Picture of Benjamin L. Corey

Benjamin L. Corey

BLC is an author, speaker, scholar, and global traveler, who holds graduate degrees in Theology & Intercultural Studies from Gordon-Conwell Theological Seminary, and received his doctorate in Intercultural Studies from Fuller. He is the author of Undiluted: Rediscovering the Radical Message of Jesus, and Unafraid: Moving Beyond Fear-Based Faith.

It’s Never Too Late To Participate In A Resurrection

I knew a man of miserable existence.

Self-centered and materialistic to the core, though it never did a good job of covering up chronic feelings of deep seeded inadequacy.

Having traveled a bumpy road he was filled with dashed hopes, and too afraid to truly dream– because dreaming simply hurts too much for one who knows what it is like to be on the wrong end of a dream.

Inadequacy, reverse pride, and a wounded spirit led to anger… perhaps even hatred, that permeated from the pores of his being, poisoning anything it touched.


He was hopelessly broken.

Today, that man is dead, and I couldn’t be happier about that fact– because truth be told, I hated myself.

Part of one of my tattoo sleeves says, “I have been crucified with Christ, and I no longer live”. It reminds me of who I once was… it reminds me of the man I have worked so hard to put to death.

However, somewhere along the way I began to experience Christianity as always putting something to death. In some cases, this is good and right and so absolutely necessary. I needed to put so many aspects of my old self to death.

Yet, the danger I’ve discovered is when we make a core aspect of Christian living always looking for things to put to death.

Christians often become known as the people you can count on to stand up and say, “this must die”.

We become obsessed with it. And, it becomes second nature to us. After all, we wear crosses around our necks, not empty tombs.

Lucky for us, there’s always something we can find which bids us to stand up and shout “this needs to die”. Unfortunately, 9 times out of 10, this “thing” that needs to die is usually a perceived failure or sin in someone else, and not our own self. This systemic obsession with always looking for things to kill tends to be addictive because it is a system typically stacked in our favor.

The stuff that really, really pisses you off? Well, it’s probably the stuff they’re doing. I know it’s that way for me.

On this basis alone, we ought completely scrap the entire system and begin seeing things through new narrative– a narrative of resurrection.

Instead of being the people who seek out things in the lives of others and seek things out in culture so that we may again say, “this must be put to death”, my prayer is that we would begin to express Christianity in a new way. My prayer is that instead of a hyper-death focus, we’d be the people who seek out things that are beautiful yet broken and instead shout: “This must live!”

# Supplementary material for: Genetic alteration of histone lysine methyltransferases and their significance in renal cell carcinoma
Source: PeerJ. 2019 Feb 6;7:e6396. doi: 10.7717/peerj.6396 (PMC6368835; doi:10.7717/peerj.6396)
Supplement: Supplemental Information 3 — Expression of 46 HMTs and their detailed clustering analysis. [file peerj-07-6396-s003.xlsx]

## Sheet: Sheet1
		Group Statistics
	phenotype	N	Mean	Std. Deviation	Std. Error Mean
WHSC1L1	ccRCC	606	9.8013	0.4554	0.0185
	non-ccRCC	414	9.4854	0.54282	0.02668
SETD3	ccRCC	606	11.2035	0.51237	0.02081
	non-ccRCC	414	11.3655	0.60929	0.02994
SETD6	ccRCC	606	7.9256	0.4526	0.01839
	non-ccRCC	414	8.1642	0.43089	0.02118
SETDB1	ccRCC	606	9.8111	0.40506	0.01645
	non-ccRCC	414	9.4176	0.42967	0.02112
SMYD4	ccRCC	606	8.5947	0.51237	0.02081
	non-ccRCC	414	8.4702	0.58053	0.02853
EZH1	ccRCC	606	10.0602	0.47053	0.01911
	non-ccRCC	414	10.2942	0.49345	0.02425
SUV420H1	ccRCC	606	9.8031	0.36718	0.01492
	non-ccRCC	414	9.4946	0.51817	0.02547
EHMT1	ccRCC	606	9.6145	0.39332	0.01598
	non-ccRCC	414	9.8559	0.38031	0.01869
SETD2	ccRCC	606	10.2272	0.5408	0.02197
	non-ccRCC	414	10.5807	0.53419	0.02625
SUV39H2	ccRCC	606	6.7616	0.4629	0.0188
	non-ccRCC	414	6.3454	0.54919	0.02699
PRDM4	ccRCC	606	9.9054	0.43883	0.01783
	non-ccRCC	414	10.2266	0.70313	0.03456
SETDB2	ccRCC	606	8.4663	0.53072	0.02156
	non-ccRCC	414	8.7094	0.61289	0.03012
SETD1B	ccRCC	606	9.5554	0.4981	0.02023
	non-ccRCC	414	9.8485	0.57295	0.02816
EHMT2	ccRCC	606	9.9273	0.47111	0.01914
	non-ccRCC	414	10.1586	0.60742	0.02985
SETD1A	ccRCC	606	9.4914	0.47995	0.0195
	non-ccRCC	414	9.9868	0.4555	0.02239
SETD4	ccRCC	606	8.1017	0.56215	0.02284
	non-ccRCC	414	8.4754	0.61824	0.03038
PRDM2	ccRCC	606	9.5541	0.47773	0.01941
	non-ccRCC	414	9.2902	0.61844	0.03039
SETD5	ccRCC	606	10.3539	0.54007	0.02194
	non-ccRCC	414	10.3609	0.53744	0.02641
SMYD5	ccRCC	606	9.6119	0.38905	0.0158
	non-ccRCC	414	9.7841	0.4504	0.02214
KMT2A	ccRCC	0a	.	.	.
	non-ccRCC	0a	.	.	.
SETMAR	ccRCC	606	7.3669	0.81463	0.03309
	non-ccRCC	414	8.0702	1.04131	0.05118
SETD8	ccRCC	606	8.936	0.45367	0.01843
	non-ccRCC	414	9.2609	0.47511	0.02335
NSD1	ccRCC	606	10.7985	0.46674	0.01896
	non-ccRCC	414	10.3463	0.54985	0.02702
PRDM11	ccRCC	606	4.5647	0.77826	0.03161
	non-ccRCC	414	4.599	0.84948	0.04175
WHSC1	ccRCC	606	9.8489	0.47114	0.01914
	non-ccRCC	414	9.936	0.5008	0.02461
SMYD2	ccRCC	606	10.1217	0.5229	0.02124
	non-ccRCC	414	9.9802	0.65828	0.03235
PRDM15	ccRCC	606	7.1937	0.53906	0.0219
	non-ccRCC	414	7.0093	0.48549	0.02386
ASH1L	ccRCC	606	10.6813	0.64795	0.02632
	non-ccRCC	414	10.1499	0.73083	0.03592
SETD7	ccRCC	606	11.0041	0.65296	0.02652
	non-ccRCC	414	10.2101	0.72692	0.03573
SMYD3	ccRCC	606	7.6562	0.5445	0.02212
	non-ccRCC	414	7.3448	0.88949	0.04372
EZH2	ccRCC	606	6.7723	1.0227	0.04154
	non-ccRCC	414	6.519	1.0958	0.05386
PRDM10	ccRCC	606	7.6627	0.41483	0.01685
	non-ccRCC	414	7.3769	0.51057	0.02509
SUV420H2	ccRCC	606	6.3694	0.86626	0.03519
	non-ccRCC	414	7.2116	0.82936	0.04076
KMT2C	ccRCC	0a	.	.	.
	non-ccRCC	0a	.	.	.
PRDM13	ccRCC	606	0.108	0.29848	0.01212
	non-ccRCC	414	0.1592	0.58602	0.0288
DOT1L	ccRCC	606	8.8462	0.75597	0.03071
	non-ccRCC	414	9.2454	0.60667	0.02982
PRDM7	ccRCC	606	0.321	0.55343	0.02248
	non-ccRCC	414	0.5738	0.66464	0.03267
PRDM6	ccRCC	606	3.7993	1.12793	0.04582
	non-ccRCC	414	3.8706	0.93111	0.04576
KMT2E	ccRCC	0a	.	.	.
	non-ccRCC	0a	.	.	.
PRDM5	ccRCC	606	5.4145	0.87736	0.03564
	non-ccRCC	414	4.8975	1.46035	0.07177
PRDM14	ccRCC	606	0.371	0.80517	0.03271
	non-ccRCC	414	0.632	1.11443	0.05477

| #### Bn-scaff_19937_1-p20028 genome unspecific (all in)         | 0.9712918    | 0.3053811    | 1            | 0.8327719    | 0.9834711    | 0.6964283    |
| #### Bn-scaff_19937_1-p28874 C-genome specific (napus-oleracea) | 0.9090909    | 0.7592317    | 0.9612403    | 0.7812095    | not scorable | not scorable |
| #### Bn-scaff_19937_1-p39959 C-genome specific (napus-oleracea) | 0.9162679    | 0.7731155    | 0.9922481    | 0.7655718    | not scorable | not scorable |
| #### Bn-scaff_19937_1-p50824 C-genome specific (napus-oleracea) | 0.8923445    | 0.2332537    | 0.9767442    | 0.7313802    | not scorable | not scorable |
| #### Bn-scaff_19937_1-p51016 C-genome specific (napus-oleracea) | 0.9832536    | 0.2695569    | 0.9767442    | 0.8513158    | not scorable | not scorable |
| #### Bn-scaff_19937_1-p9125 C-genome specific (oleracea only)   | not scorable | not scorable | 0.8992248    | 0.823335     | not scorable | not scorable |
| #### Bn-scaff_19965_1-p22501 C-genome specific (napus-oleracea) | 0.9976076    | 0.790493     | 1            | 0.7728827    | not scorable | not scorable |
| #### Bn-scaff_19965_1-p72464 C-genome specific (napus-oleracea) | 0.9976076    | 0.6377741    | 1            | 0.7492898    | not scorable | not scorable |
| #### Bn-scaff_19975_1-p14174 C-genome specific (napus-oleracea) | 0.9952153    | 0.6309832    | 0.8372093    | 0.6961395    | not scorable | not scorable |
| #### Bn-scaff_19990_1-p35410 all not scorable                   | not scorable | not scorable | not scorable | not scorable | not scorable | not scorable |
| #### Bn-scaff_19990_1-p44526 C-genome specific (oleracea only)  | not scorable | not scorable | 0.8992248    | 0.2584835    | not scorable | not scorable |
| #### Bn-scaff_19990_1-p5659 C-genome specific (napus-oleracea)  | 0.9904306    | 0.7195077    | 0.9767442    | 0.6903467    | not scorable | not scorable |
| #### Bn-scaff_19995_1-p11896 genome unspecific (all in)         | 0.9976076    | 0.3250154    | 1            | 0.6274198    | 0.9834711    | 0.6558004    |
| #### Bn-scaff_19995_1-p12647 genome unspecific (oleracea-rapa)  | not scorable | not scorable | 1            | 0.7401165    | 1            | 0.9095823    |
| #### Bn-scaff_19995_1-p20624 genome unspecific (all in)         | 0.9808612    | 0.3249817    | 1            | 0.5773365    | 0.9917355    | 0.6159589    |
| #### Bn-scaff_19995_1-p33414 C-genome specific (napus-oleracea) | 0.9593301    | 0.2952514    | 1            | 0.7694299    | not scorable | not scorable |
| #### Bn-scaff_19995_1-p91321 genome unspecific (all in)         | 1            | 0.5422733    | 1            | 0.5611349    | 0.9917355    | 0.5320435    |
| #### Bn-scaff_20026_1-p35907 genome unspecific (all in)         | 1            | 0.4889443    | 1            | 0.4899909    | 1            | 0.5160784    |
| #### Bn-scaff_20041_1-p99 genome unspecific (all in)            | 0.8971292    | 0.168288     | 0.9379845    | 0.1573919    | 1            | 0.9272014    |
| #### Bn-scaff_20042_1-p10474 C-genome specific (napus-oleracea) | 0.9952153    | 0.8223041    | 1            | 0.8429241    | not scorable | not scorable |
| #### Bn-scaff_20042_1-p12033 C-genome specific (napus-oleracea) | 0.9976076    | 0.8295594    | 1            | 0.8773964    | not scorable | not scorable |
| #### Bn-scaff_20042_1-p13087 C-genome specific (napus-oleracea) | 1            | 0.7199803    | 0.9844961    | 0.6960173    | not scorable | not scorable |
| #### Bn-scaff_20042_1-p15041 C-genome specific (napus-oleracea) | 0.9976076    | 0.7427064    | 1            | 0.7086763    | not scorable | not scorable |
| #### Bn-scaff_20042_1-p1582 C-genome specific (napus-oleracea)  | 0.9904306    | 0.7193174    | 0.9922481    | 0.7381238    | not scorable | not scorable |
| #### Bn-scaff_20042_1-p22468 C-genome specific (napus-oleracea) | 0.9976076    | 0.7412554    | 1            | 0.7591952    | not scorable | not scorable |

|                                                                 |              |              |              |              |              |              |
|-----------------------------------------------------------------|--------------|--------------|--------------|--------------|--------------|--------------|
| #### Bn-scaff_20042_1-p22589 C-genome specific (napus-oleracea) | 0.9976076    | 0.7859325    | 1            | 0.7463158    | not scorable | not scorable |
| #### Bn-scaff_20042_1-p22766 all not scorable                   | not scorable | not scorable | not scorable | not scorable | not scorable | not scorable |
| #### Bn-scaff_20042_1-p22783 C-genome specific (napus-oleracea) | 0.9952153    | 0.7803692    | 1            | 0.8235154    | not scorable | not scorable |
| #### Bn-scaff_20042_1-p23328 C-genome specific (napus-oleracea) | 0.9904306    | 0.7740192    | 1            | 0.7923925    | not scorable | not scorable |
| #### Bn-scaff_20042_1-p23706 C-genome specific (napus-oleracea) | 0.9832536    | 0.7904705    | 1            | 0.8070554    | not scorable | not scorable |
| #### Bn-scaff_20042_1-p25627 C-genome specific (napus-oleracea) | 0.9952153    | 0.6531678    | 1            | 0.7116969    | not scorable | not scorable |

That we would be known as the people who help resurrect instead of destroy.

Ah… that we would become not people of death, but people of life.

You see, putting my old self to death, only got me so far. To be honest– it only got me to the bottom.

Sometimes when you shed off everything that hinders you from running the race with perseverance, you realize that you’ve been left naked without so much as a decent pair of running shoes.

And so, putting things to death becomes functionally inadequate when that’s the main or singular focus. People don’t need another voice in their lives saying “this part of you must die”– we’ve got plenty of those. People instead need more voices looking into their lives and saying this must live!

People need a resurrection.

I needed a resurrection.

Christianity is not simply built on the atonement of the cross– but on the significance of the empty tomb.

Christianity is founded upon the resurrection. And not simply upon the resurrection that happened 2,000 years ago– but on the resurrections that can and do still happen today.

After all this time, God is still in the business of resurrecting lives.

People need lives rebuilt, brokenness made whole again and balm rubbed on wounds. People need friends who will say to themselves “I see words of life and words of death set before me- and this day, I choose life”.

So many of us need a resurrection. So many of those around us need us to in turn become resurrection people who live for the high calling of helping people experience new life, amidst a million deaths.

It’s never too late my friends.

Whether it’s your marriage, relationships with your children, your old hurts or deep, deep wounds from yesteryear– it’s never too late to participate in the resurrection.

I believe one of the central aspects of the message of Jesus is that new life is available if we’re willing to choose it… if we’re willing to choose resurrection.